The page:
CrimProf Blog

Editor: Kevin Cole
Univ. of San Diego School of Law

Thursday, September 26, 2013

Bennardo on Mandatory Minimums and Sentencing for Multiple Counts

Kevin Bennardo (Louisiana State University, Baton Rouge - Paul M. Hebert Law Center) has posted Sweeping Up Guideline Floors: The Misguided Policy of Amendment 767 to the U.S. Sentencing Guidelines Manual (60 UCLA Law Review Discourse 60 (2013)) on SSRN. Here is the abstract:

Amendment 767 to the U.S. Sentencing Guidelines Manual, effective November 1, 2012, significantly modified the calculation of Guidelines ranges for federal defendants convicted of multiple counts where at least one of the counts is subject to a mandatory minimum sentence. The amendment, which altered section 5G1.2 of the Guidelines and its commentary, provides that the minimum statutory sentence for any count in a multicount conviction raises the floor of the Guidelines range for all counts. 

The U.S. Sentencing Commission set forth two reasons for Amendment 767: to resolve a circuit split and to make it easier for district courts to calculate departures and variances by reducing the likelihood of arriving at multiple Guidelines ranges.

The first reason is unsupportable because, as communicated to the Commission in the comments to the proposed amendment, no circuit split actually existed. Moreover, the circuits that had resolved the issue all rejected the position adopted by the amendment. Although the Commission is correct that Amendment 767 will lead to some administrative benefits for district courts by reducing the likelihood that a defendant will have multiple Guidelines ranges, those minimal benefits are strongly outweighed by Amendment 767’s negative consequences.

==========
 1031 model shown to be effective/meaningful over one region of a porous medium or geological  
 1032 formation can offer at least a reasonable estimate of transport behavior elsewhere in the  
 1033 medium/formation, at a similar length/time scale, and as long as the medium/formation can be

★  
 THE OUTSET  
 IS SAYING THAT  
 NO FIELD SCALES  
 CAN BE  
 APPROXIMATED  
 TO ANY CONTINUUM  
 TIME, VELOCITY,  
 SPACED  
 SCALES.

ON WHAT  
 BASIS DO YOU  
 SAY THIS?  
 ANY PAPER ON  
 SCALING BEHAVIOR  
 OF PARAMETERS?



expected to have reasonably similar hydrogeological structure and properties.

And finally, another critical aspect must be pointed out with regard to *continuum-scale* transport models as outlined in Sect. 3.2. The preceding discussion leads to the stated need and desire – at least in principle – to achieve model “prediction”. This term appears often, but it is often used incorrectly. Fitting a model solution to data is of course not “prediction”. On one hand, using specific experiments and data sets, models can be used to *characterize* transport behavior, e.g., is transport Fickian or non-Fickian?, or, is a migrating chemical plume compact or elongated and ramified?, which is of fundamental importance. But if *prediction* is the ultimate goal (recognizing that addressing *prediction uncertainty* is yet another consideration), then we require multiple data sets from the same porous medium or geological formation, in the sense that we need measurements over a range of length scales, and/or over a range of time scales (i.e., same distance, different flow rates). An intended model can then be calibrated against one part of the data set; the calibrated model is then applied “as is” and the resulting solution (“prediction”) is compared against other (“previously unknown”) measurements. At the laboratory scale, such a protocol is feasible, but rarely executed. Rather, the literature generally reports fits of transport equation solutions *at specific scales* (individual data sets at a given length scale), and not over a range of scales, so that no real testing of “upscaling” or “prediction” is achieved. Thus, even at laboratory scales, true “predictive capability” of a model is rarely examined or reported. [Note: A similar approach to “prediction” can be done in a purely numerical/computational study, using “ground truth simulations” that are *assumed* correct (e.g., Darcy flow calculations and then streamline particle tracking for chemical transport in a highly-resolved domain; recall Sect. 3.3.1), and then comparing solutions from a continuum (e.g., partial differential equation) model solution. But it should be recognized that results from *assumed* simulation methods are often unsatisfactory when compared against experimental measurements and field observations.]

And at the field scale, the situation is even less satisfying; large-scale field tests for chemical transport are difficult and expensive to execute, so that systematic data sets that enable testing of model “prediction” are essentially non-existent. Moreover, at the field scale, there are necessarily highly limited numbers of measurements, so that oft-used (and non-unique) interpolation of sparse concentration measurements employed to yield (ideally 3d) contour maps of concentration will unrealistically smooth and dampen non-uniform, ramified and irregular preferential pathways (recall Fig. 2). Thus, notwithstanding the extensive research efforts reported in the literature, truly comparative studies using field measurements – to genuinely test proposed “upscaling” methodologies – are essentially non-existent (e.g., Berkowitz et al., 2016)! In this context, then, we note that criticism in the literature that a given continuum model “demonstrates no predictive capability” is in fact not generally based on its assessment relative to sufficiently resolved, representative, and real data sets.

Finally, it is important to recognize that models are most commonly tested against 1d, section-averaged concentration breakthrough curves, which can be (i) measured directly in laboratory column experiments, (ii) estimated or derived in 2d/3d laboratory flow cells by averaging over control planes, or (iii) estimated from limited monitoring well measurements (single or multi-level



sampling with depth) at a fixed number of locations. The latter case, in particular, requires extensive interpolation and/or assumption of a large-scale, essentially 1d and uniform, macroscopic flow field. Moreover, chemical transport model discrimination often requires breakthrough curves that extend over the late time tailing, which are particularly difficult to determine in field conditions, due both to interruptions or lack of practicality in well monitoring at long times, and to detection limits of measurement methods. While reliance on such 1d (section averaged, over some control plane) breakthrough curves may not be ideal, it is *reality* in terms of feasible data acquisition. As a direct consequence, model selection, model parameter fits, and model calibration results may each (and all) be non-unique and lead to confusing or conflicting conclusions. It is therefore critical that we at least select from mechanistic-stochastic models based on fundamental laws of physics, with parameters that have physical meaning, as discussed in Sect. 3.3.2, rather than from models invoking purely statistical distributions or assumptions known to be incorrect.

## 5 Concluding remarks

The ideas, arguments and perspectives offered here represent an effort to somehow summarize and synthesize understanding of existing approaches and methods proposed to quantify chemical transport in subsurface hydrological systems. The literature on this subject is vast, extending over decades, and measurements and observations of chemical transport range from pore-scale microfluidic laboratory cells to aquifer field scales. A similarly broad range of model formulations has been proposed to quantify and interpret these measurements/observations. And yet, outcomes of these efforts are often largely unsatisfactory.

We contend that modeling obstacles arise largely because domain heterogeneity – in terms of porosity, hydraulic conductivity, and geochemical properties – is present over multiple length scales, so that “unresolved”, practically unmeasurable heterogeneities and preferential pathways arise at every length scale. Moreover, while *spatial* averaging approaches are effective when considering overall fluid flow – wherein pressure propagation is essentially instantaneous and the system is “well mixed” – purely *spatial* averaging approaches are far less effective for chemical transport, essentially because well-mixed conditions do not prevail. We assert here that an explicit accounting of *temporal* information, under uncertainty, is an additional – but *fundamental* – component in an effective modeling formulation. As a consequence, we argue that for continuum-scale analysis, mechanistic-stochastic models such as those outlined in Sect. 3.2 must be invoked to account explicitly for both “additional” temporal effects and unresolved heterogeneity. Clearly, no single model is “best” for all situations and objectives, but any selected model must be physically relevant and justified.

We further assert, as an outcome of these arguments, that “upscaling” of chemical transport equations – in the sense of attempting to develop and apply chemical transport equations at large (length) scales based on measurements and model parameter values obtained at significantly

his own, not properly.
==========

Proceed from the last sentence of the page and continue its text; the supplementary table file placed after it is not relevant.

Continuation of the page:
By linking the Guidelines range to a statutory minimum sentence applicable to a different count of conviction, Amendment 767 divorces the punishment determination from the underlying conviction. Such decoupling is counter to both the moral underpinnings of sentencing — an offender’s punishment should not exceed her just desserts — and the statutory directive that district courts should impose a sentence that is no greater than necessary to achieve the goals of sentencing and fix a just punishment. Furthermore, Amendment 767 places additional administrative burdens on the criminal justice system by increasing the need to resentence defendants upon the vacation of a single count of conviction and by incentivizing prisoners to challenge more sentences and convictions through habeas petitions. Therefore, the changes wrought by Amendment 767 are not good sentencing policy and district courts would be well advised to vary from Guidelines ranges calculated through amended section 5G1.2.

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